Better, bolder, Brasher
When Richard Brasher assumed the role of Pick n Pay CEO in February 2013, he took on the immense challenge of restoring the deeply troubled retailer to health.
It would seem he has done just that.
“The heavy lifting is now behind us and it’s time to have some fun and try to win a cup this year,” Brasher says.
It sounds like the type of fighting talk shareholders want to hear.
There was already evidence to support Brasher’s bold stance in Pick n Pay’s results for the 52 weeks to February 25. Sales lifted 5.3% (3.1% excluding internal inflation) to R81.6bn, trading profit was up 4.9% at R1.82bn and headline EPS (HEPS) lifted 7.1%.
Underlying growth was far stronger.
A voluntary severance programme (VSP), which cut staff numbers by about 3,500 (10%), cost Pick n Pay R250m. It took this hit in the first half of its past financial year.
Though an exact figure for ongoing annual cost savings that will flow from the VSP has not been provided, Brasher told the Financial Mail in October that it will be “somewhere above R200m”.
Excluding the VSP, trading profit was up 19.3% in the past year, while the trading margin lifted from 2.3% in the previous year to 2.5%. Illustrating the solid progress that has been made, the trading margin in the year to February 2013 was a paper-thin 1.2%.
But it was in the fourth quarter that the reason for Brasher’s optimism really came through. Sales in SA operations were up 7.3%, and samestore sales growth was at 5.3%. This was achieved against a background of internal inflation at a minimal 0.2%.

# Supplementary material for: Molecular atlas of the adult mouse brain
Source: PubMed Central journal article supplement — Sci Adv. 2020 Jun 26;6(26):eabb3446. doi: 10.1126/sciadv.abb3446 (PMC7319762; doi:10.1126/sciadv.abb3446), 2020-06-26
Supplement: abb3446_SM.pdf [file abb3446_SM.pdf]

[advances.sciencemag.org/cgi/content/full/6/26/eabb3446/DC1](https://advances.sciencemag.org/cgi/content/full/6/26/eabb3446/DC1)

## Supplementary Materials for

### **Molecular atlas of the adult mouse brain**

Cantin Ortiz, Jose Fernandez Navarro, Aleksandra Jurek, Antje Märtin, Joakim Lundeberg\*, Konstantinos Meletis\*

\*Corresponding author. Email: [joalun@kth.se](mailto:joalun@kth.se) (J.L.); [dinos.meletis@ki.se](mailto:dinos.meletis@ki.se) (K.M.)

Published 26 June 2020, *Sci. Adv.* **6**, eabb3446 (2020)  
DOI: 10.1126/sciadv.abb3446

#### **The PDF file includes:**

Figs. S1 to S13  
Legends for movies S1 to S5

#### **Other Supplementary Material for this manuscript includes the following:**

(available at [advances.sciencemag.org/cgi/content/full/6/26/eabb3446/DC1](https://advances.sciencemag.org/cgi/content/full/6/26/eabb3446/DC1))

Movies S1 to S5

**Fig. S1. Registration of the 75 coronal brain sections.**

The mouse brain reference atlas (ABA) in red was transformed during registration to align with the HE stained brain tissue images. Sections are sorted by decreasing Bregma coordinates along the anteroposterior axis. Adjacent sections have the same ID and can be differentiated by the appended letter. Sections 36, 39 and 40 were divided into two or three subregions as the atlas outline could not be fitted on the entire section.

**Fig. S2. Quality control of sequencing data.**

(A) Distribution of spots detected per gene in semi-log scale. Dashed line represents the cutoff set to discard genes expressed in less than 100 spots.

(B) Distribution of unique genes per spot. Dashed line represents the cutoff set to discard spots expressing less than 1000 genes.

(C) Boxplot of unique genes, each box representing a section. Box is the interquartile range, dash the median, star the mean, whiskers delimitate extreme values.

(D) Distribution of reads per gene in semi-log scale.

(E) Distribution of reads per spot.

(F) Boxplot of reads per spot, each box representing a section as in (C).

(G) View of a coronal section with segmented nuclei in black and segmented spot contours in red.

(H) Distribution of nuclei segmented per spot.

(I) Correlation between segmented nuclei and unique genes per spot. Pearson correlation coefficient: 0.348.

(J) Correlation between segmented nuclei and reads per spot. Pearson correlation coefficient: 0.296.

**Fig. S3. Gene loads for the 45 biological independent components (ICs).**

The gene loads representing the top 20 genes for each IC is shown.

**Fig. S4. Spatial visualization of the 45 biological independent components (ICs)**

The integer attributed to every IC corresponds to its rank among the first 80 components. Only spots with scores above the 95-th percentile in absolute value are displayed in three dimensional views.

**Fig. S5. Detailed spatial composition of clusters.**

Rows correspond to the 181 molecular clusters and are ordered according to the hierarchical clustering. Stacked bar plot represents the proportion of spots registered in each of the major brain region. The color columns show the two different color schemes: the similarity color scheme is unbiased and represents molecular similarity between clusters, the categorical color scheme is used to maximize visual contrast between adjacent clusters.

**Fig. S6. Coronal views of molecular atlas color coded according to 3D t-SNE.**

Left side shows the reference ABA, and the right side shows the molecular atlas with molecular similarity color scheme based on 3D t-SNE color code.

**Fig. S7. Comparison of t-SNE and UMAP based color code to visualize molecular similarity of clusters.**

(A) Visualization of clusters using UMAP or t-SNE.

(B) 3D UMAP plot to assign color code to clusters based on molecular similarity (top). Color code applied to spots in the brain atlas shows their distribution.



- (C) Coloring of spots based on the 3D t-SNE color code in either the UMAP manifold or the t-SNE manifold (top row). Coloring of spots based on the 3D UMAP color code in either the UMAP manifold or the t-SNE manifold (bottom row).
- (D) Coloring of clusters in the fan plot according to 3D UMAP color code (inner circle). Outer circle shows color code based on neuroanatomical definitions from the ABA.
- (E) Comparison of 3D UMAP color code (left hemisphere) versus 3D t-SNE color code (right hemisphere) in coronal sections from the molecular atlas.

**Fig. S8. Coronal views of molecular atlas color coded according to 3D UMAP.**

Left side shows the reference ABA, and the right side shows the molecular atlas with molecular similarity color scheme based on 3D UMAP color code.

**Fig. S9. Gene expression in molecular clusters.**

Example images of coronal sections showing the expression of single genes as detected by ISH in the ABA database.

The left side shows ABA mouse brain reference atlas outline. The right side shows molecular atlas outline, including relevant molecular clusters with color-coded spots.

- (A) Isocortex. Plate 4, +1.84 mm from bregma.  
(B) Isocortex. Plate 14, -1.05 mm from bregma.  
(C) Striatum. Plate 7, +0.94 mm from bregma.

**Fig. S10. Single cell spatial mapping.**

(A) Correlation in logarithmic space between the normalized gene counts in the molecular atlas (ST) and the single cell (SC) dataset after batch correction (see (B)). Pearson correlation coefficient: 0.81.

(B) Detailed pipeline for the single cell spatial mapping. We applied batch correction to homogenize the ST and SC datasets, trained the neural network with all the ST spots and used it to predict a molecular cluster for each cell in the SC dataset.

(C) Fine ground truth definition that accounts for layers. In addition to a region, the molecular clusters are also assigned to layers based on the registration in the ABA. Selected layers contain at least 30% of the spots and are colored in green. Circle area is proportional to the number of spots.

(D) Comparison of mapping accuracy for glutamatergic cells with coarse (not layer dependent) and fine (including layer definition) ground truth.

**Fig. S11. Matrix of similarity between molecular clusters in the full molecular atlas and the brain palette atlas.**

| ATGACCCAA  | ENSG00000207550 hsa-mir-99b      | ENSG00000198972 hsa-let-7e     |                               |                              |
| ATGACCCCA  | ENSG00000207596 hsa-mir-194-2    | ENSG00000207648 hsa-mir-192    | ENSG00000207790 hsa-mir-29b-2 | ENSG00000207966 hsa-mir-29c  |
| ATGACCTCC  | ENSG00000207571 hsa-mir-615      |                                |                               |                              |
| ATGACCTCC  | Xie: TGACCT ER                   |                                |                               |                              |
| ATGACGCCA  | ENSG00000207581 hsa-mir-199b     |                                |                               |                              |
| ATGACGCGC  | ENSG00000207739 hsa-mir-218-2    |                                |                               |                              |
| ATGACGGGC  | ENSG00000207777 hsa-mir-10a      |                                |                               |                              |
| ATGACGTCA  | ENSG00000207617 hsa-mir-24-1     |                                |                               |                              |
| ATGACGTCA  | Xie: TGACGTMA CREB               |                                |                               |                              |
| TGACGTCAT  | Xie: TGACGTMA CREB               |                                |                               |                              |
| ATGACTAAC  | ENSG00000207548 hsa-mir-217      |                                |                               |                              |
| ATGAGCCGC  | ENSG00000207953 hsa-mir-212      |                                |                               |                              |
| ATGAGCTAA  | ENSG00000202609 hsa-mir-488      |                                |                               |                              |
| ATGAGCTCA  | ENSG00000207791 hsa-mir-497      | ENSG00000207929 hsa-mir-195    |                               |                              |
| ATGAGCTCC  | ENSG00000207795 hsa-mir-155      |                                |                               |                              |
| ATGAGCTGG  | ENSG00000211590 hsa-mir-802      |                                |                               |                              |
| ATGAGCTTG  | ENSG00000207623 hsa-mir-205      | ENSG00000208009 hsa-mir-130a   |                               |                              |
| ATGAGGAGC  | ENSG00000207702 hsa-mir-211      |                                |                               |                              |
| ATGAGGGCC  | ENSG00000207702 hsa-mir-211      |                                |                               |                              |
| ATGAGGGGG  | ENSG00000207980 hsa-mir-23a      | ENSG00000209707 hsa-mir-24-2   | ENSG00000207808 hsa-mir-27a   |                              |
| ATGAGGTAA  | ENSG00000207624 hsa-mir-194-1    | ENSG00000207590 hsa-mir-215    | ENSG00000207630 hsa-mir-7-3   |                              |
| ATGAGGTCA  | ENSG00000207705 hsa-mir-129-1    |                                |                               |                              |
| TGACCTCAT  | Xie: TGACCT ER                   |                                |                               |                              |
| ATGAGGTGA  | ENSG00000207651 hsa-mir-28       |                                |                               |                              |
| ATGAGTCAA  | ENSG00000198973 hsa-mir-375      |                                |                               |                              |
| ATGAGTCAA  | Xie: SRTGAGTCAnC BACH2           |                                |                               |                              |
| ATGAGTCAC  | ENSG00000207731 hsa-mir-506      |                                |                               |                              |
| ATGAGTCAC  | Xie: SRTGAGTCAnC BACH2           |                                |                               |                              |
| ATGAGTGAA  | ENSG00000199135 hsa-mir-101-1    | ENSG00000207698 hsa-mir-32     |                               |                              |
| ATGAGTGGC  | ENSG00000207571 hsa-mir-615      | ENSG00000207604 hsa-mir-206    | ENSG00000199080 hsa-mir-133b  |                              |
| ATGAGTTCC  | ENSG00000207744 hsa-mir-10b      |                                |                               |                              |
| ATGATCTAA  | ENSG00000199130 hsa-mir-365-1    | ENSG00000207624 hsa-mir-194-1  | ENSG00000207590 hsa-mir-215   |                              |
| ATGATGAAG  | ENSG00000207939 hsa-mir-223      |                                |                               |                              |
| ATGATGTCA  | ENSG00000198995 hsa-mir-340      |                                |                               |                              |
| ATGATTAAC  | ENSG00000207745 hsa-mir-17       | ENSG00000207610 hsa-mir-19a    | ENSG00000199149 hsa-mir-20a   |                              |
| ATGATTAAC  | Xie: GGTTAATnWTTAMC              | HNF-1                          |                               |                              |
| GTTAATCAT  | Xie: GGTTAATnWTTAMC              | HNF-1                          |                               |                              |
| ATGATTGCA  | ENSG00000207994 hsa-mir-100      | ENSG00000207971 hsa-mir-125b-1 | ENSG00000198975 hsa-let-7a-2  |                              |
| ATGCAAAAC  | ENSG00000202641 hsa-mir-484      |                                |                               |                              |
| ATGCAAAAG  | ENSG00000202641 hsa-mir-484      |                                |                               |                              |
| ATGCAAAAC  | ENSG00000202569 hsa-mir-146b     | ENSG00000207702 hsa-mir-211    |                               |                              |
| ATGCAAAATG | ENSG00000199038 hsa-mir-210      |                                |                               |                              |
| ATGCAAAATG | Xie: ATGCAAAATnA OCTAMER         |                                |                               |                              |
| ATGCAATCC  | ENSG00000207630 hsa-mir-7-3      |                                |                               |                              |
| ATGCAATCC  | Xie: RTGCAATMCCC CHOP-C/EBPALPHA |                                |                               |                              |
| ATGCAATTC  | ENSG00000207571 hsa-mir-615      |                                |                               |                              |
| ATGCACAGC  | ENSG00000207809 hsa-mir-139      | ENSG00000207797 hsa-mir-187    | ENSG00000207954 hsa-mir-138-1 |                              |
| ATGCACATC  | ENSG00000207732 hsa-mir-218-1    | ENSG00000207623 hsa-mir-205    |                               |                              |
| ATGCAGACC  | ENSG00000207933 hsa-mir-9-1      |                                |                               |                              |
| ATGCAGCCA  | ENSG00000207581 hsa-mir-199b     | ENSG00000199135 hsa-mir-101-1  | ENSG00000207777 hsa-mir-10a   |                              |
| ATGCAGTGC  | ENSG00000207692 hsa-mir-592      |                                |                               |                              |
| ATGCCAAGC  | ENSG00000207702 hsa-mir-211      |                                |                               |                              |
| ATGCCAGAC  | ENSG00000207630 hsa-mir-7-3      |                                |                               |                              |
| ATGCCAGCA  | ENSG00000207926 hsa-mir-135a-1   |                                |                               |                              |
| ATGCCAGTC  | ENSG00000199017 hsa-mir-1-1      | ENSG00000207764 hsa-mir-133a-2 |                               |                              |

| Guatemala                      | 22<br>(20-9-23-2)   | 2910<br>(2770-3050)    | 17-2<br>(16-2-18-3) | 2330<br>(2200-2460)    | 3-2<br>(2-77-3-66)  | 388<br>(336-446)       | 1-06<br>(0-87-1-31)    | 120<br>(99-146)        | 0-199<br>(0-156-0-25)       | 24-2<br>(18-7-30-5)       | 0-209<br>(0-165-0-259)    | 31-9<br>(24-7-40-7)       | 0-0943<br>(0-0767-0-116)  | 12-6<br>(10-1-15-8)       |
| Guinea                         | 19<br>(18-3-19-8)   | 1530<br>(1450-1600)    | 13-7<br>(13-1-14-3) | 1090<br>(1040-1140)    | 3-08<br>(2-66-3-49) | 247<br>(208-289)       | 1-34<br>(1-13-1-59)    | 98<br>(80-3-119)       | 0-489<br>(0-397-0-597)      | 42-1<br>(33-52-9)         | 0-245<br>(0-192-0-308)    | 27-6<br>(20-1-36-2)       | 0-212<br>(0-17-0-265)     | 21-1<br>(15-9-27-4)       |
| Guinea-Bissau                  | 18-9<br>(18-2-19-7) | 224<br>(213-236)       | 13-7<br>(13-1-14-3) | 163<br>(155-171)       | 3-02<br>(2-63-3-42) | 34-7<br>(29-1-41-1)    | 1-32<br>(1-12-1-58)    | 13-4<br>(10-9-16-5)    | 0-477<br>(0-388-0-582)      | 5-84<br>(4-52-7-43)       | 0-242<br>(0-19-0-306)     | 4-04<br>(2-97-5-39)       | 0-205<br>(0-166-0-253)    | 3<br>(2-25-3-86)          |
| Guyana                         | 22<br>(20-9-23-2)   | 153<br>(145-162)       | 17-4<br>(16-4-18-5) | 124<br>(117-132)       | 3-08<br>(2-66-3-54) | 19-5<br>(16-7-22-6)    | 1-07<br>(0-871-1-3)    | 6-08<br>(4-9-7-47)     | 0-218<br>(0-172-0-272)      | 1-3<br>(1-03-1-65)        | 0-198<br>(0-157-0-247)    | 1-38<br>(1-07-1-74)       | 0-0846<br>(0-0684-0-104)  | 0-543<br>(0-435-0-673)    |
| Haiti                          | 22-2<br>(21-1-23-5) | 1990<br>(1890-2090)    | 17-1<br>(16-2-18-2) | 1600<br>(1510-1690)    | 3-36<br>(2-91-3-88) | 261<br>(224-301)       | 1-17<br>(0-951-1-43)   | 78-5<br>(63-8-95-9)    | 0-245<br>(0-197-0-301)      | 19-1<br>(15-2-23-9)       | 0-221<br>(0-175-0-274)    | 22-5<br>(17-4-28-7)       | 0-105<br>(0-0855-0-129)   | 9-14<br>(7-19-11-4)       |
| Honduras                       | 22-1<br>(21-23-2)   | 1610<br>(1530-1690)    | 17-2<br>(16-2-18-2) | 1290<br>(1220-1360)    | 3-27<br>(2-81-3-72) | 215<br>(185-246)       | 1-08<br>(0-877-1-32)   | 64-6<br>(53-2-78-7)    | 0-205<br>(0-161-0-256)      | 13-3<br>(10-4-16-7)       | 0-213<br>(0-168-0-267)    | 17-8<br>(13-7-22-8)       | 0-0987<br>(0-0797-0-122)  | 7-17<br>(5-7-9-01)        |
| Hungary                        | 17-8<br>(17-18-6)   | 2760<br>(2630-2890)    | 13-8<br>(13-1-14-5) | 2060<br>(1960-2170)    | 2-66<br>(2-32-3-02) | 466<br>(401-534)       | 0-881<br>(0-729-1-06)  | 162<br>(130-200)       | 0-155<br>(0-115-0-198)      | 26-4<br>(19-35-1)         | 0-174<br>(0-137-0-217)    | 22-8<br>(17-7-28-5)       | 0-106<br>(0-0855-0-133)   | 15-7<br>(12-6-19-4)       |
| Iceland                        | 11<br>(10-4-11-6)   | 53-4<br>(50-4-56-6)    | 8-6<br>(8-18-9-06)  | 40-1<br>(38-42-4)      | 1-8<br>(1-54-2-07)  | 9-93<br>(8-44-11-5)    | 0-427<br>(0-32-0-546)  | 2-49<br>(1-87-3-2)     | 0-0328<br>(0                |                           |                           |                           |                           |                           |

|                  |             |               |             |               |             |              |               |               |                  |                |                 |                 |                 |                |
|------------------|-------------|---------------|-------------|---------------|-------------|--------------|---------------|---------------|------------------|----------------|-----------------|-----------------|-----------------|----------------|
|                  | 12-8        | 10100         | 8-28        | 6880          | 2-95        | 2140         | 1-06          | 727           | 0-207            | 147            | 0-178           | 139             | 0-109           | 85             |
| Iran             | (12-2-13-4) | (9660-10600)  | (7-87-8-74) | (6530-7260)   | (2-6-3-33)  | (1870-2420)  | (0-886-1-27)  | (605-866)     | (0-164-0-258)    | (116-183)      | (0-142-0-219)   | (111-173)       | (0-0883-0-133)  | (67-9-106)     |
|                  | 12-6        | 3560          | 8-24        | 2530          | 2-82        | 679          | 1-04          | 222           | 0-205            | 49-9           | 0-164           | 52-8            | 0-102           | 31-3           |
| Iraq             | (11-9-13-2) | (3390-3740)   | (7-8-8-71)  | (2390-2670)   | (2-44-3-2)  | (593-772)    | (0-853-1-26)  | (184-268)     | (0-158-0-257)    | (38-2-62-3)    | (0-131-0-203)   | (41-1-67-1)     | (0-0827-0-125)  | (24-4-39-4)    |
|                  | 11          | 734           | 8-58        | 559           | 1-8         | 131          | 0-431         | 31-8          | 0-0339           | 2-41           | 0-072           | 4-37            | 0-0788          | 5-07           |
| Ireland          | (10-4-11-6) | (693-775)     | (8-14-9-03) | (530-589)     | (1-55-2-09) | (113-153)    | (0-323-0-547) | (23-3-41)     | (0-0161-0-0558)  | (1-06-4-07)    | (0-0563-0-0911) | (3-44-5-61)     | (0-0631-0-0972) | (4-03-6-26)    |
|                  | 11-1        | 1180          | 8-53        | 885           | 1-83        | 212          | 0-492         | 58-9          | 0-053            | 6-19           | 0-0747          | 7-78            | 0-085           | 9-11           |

“I believe we can keep doing it,” says Brasher. Encouragingly, the strong sales growth trend in the fourth quarter continued into the first quarter of the new financial year.
“The results of the huge effort that has been put into Pick n Pay’s turnaround are coming together for the first time,” says Ricco Friedrich, a director of Denker Capital. “I have to take my hat off to Brasher and his executive team for what they have achieved.”
Under Brasher’s watch, Pick n Pay’s HEPS have grown by almost 150% to a new high, and the annual dividend has been upped by 125%.
Pick n Pay today is a far cry from the company handed to Brasher five years ago. Signs of serious problems had begun showing in the year to February 2010, when HEPS growth stalled. Over the next three years HEPS more than halved.
The harsh reality was that Pick n Pay had been grossly underinvesting in its sustainability and had fallen way behind its main rivals — Shoprite, Woolworths and Spar — in terms of new store openings and refurbishments of